Applying this reasoning to the filing of a false misbehavior report against an inmate, the Freeman court concluded that the prisoner had "no constitutionally guaranteed immunity from being falsely or wrongly accused of conduct which may result in the deprivation of a protected liberty interest." Id. What the inmate did have a right to was adequate due process before being denied his right to liberty. Thus, the plaintiff would only suffer a constitutional violation of his fourteenth amendment rights if he did not receive adequate procedural protection upon being accused, falsely or not, of wrongdoing. Id. at 953.

 The facts of the case now before me are congruent with the fact pattern in Freeman ; the only difference being the status of the plaintiff at the time of the alleged violation. In Freeman, the plaintiff was a prisoner, while in the case at bar, the plaintiff was a parolee. Both individuals faced the loss of a substantial liberty interest. Both plaintiffs were granted hearings and given an opportunity to rebut the charges against them. Thus, I see no basis on which to distinguish Freeman from the case now before me. The filing of a false or unsubstantiated Parole Violation report seems to me to be no different than the filing of a false or baseless misbehavior report. The plaintiff, Mark Threat, "suffered as a result of the finding of [a parole violation by the parole board] and not merely because of the filing of unfounded charges by the defendant," Norman Lewis. See Freeman, 808 F.2d at 953. Accordingly, I conclude that the plaintiff's complaint does not state a cause of action against defendant Lewis for the alleged violation of the plaintiff's fourteenth amendment rights.

 I must note that although the Freeman court does not couch the plaintiff's claim in terms of a constitutional violation for malicious prosecution, the facts of that case, and similarly, of the case now before me, are somewhat analogous to such a malicious prosecution claim. The Second Circuit has, however, recently discussed malicious prosecution claims brought pursuant to section 1983. Easton v. Sundram, 947 F.2d 1011, 1017 (2d Cir. 1991). Like the claim in Freeman, a constitutional claim for malicious prosecution is typically predicated on a fourteenth amendment right, such as the deprivation of liberty. Easton, 947 F.2d at 1017. The Easton court noted that the Fourteenth Amendment protects individuals from "official conduct which 'shocks the conscience' or is 'used for purposes of oppression.'" Id. (citations omitted). Thus, the court concluded that in order to state a constitutional claim for malicious prosecution, the plaintiff must allege "conscious-shocking" behavior -- that is, that he was "subjected to a misuse of the legal process so egregious as to work a deprivation of a constitutional dimension." Id. at 1018.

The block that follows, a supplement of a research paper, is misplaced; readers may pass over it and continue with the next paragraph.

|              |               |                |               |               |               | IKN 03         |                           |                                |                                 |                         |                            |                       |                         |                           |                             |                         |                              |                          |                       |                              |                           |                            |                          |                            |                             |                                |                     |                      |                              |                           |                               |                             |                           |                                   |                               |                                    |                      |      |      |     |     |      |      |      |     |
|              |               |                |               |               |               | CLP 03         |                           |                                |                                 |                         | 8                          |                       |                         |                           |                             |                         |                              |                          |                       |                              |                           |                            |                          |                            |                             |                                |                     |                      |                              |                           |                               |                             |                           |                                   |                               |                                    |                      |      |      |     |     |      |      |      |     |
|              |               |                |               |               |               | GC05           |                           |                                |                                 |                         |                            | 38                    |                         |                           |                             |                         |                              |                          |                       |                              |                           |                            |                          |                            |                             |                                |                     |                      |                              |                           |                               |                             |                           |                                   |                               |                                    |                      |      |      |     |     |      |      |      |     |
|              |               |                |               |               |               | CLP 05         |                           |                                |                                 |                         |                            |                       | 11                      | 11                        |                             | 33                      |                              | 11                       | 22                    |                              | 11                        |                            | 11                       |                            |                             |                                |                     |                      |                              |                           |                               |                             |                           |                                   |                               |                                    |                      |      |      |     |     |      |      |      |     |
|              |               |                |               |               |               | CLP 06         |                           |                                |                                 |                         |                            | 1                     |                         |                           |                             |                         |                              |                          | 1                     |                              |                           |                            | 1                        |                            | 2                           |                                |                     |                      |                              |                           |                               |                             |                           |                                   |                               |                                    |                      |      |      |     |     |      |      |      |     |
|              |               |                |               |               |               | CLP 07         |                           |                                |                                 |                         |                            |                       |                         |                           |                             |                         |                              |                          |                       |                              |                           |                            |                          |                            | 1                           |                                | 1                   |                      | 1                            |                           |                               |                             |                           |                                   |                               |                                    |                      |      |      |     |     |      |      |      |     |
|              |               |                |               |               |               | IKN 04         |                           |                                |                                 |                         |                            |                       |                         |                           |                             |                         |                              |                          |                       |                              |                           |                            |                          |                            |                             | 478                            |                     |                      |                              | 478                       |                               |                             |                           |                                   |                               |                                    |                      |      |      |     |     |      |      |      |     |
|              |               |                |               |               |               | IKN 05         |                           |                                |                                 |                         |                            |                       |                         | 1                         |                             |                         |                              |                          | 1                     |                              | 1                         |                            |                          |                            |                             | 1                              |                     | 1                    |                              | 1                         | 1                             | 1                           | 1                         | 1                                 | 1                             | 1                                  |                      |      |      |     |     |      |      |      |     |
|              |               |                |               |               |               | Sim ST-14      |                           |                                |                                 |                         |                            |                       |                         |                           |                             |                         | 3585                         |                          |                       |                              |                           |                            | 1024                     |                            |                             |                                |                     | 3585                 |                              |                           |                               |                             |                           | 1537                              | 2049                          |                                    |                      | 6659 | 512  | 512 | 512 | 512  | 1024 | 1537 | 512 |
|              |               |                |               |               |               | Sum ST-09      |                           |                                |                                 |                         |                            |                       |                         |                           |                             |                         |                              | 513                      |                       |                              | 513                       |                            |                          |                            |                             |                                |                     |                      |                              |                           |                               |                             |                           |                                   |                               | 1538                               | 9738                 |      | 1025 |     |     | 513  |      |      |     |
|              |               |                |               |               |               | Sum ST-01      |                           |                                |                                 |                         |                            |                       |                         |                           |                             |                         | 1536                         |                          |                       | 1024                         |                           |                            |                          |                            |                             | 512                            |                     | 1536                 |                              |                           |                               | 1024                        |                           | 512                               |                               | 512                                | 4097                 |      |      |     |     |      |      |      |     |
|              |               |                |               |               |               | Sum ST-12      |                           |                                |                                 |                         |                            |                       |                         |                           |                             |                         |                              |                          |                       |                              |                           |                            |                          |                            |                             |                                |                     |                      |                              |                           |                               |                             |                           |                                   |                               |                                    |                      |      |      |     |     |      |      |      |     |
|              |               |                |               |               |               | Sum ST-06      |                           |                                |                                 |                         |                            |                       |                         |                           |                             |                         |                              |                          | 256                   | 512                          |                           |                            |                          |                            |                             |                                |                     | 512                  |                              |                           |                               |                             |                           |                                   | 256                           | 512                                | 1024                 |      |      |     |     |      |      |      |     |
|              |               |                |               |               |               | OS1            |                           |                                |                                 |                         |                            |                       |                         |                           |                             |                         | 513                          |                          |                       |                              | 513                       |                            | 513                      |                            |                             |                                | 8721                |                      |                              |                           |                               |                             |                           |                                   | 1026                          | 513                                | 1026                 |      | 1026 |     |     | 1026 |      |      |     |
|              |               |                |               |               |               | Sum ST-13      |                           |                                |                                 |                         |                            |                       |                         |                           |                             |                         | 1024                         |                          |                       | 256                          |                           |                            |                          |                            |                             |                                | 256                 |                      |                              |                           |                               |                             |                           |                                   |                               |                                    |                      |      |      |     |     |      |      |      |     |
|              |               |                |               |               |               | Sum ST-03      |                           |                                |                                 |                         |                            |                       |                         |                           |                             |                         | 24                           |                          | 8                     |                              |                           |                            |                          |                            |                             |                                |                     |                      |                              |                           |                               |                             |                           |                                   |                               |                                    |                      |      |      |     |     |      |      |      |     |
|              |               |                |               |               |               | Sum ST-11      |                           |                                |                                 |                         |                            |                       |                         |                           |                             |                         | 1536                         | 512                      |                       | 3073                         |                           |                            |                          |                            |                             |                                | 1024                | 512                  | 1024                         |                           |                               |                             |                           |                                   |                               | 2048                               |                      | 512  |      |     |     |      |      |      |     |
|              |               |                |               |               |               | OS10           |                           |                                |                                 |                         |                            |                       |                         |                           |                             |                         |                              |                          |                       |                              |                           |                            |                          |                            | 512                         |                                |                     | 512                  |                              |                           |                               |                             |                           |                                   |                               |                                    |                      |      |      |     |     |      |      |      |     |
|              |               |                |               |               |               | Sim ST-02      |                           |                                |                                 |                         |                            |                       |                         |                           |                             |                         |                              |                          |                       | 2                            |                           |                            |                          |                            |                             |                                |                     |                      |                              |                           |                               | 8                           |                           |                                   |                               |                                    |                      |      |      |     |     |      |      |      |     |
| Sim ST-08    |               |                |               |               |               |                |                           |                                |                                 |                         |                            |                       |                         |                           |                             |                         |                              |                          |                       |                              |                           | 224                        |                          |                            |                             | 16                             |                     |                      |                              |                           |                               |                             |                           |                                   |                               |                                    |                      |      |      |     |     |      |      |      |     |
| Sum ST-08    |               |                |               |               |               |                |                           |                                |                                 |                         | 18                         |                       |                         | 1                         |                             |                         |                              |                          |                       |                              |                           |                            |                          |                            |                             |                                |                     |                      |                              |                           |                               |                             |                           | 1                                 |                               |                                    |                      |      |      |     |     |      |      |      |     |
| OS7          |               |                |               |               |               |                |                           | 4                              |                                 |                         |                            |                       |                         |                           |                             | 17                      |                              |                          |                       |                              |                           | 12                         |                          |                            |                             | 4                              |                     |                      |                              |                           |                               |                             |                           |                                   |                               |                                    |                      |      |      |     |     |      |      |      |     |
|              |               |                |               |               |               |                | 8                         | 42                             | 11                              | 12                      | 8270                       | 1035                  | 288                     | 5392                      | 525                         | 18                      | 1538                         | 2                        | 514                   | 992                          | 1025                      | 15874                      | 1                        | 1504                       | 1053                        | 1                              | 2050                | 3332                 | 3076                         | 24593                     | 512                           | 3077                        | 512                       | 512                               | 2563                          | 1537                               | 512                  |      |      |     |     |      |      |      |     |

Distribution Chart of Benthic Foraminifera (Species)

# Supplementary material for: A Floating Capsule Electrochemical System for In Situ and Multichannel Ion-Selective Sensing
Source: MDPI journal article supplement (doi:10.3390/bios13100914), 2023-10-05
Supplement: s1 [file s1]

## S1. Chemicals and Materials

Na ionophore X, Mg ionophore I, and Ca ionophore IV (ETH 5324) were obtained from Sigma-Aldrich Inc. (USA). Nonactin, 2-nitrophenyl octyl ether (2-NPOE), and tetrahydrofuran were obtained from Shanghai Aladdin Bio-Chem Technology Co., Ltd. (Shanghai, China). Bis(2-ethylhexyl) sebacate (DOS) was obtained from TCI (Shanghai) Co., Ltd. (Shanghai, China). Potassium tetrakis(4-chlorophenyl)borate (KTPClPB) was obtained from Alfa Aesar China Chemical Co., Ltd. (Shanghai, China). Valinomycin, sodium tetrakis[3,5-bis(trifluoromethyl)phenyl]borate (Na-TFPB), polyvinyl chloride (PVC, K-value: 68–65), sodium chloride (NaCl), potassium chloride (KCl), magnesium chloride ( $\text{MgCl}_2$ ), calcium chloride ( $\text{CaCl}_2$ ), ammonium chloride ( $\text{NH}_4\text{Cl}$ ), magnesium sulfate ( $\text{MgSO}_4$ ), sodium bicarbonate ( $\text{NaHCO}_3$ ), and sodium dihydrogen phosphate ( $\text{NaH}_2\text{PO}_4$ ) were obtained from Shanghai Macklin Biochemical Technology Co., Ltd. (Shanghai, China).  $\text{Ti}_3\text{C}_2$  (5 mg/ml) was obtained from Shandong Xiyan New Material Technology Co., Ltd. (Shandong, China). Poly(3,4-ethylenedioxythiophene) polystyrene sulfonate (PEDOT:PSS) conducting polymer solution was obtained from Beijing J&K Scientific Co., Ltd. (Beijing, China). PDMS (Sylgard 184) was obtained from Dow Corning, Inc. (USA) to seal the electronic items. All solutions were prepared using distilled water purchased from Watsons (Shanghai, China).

Even were I to apply the standard for an allegation of malicious prosecution to the case before me, I would conclude that the plaintiff has failed to state a claim against defendant Lewis for which relief may be granted. The plaintiff alleges that defendant Lewis filed a Probation Violation report charging him with participating in the sexual abuse and robbery of the victim, even though he had concluded that the plaintiff did not have anything to do with the sexual abuse or the robbery. This alone, in light of the fact that he received a probation hearing and had an opportunity to defend himself against the charges simply does not rise to the level of conscious-shocking behavior required by the Second Circuit in order to sustain a constitutional claim for malicious prosecution. Accordingly, plaintiff's claim against Norman Lewis is dismissed.


 Plaintiff has alleged claims against Paul Russi, Norman Lewis, Thomas A. Coughlin, III and Veronica Thomas. As discussed above, plaintiff has failed to allege the personal involvement of defendants Russi and Coughlin. Moreover, defendant Veronica Thomas, as a member of the Parole Board, is entitled to quasi-judicial immunity. Finally, as discussed in detail above, the plaintiff's allegation that defendant Lewis filed a false Probation Violation report fails to state a claim for violation of his constitutional rights under the Fourteenth Amendment. Accordingly, defendants' motion to dismiss is granted and plaintiff's complaint is dismissed with prejudice in its entirety.


 MICHAEL A. TELESCA, United States District Judge

 DATED: Rochester, New York, February 20, 1992

Buy This Entire Record For $7.95

Official citation and/or docket number and footnotes (if any) for this case available with purchase.

Learn more about what you receive with purchase of this case.